Aside from the microeconomic theories of utility maximisation and budget constraints, there are other elements that affect the nature of consumer choice in a real-life situation. A study was conducted to measure the computational processes of subjects when faced with a decision to choose a product from a bundle of slightly differentiated products, whilst faced with a time constraint. The study was conducted through an experiment in which participants were in a supermarket-like environment and were asked to pick a snack food item from a screenshot out of a set of either 4, 9 or 16 similar items.
This decision was to be completed within a 3 second time window. Both choices and reaction times of participants were recorded, but the actual search process was recorded using eye-tracking. The study then compares three different computational process models to find the one that best explains the decision process of the consumer.
The goal of the study is to understand the computational process used by the average consumer to make these quick and seemingly meaningless purchase decisions. All three models are slight variations of widely known search models in economics. The first model represents the “optimal” model, in which there are zero search costs. I.e., the consumer looks for the maximum number of items within the time frame and picks the “best-seen” item. “Best-seen” meaning the item in which the consumer spends the most time viewing. The second process is the “satisficing” model, wherein the consumer searches until they have found an objectively satisficing item, or they run out of time. The third and final search model is a hybrid of the optimal and satisficing models, in which they search for a random amount of time and pick the “best-seen” item. That amount of time is contingent on the value of the encountered items.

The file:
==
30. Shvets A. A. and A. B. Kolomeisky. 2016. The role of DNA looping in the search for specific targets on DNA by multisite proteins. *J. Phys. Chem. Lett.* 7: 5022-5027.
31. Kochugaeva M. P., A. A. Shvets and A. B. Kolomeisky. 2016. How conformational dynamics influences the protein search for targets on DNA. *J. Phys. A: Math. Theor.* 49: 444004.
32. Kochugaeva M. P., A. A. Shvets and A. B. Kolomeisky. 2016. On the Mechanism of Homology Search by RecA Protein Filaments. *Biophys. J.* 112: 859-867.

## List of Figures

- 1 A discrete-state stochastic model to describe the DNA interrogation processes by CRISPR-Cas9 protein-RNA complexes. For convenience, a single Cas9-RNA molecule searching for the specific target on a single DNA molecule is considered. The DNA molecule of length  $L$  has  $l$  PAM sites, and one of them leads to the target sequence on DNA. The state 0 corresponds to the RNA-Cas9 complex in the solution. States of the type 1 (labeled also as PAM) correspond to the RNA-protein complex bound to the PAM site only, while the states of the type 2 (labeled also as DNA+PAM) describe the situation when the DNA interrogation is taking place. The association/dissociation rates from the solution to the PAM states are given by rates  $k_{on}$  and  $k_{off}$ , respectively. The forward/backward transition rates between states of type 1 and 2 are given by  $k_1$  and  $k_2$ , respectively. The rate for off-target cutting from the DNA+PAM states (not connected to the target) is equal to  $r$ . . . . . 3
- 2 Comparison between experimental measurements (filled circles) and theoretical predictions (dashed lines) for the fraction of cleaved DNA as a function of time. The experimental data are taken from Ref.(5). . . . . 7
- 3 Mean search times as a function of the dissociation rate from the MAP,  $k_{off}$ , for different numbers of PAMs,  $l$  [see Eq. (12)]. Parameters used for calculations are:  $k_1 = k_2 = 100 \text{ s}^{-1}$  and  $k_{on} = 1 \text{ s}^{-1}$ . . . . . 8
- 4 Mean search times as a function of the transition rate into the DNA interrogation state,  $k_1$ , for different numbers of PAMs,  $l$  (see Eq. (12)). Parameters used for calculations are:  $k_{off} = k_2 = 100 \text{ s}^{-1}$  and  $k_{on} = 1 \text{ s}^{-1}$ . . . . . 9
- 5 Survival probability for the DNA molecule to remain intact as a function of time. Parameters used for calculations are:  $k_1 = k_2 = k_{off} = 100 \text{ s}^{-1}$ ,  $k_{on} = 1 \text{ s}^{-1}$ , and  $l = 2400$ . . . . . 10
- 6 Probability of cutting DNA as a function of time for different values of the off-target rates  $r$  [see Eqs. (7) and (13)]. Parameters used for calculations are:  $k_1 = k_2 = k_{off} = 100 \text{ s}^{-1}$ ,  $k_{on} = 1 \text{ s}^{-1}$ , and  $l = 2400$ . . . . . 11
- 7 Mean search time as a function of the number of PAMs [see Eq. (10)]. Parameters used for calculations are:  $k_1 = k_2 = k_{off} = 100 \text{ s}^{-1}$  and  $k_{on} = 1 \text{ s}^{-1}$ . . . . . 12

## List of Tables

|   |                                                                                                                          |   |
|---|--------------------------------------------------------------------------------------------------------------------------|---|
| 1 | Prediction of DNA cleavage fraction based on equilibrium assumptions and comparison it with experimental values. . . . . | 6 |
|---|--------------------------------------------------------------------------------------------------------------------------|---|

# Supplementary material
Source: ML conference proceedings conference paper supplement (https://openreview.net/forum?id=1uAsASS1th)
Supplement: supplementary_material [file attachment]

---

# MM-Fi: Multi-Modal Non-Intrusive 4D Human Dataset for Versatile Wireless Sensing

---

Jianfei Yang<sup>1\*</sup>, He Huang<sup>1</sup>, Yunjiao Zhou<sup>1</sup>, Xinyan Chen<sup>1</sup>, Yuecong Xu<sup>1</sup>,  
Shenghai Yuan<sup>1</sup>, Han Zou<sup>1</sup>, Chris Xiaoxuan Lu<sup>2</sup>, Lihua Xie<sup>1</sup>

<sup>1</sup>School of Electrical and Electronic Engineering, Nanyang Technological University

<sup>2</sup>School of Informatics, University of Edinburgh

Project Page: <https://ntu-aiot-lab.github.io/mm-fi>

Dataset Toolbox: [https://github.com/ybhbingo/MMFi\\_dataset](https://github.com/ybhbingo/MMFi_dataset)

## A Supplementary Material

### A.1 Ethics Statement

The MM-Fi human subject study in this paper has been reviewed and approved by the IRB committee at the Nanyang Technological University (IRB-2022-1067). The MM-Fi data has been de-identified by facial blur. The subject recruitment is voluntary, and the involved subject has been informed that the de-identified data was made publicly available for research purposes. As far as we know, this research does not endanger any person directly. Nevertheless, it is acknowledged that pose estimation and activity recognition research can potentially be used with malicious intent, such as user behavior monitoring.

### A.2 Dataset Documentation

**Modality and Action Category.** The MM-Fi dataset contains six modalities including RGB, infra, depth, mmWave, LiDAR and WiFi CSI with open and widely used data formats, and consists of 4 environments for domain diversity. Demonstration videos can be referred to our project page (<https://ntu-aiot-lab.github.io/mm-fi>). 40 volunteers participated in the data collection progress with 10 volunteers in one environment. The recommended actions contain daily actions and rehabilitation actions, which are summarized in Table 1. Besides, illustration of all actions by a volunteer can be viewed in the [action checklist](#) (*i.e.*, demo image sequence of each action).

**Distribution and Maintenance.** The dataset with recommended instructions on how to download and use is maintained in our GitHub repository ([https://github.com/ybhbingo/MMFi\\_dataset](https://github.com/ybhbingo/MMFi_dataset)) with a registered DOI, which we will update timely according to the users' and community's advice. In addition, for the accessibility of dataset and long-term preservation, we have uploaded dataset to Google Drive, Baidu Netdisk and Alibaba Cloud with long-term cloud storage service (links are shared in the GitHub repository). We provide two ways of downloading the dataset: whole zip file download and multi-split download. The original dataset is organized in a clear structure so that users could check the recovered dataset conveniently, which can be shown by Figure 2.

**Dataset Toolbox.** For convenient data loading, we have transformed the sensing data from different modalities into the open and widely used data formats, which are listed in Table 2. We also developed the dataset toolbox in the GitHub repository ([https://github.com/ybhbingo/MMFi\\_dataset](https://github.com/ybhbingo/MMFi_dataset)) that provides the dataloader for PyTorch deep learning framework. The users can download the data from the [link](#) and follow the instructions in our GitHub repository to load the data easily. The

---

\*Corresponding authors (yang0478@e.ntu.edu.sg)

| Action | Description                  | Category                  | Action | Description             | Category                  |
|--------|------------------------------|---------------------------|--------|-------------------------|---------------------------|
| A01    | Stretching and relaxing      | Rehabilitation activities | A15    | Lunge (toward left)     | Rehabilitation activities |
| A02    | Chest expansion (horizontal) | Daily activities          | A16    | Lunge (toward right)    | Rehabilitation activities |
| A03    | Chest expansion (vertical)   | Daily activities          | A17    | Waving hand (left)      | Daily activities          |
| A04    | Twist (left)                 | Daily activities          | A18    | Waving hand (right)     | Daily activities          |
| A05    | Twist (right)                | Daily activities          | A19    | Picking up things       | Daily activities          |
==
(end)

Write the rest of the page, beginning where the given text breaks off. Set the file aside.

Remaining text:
The results show that consumers are typically good at optimizing items that they have seen within the search process, i.e., they can easily make a choice from the “seen-set” of items. The results also show that consumers mostly use the hybrid model as a computational process for consumer choice. The data is most qualitatively consistent with the hybrid model rather than the optimal or satisficing models.
The conclusion to be drawn from this study is that time pressure and graphic design of consumer goods all play an important role in understanding the computational behavioural processes of consumer choice. 
The indifference curves and budget constraint can be used to predict the effect of changes to the budget constraint. The graph below shows the effect of a price increase for good Y. If the price of Y increases, the budget constraint will pivot from to . Notice that because the price of X does not change, the consumer can still buy the same amount of X if he or she chooses to buy only good X. On the other hand, if the consumer chooses to buy only good Y, he or she will be able to buy less of good Y because its price has increased.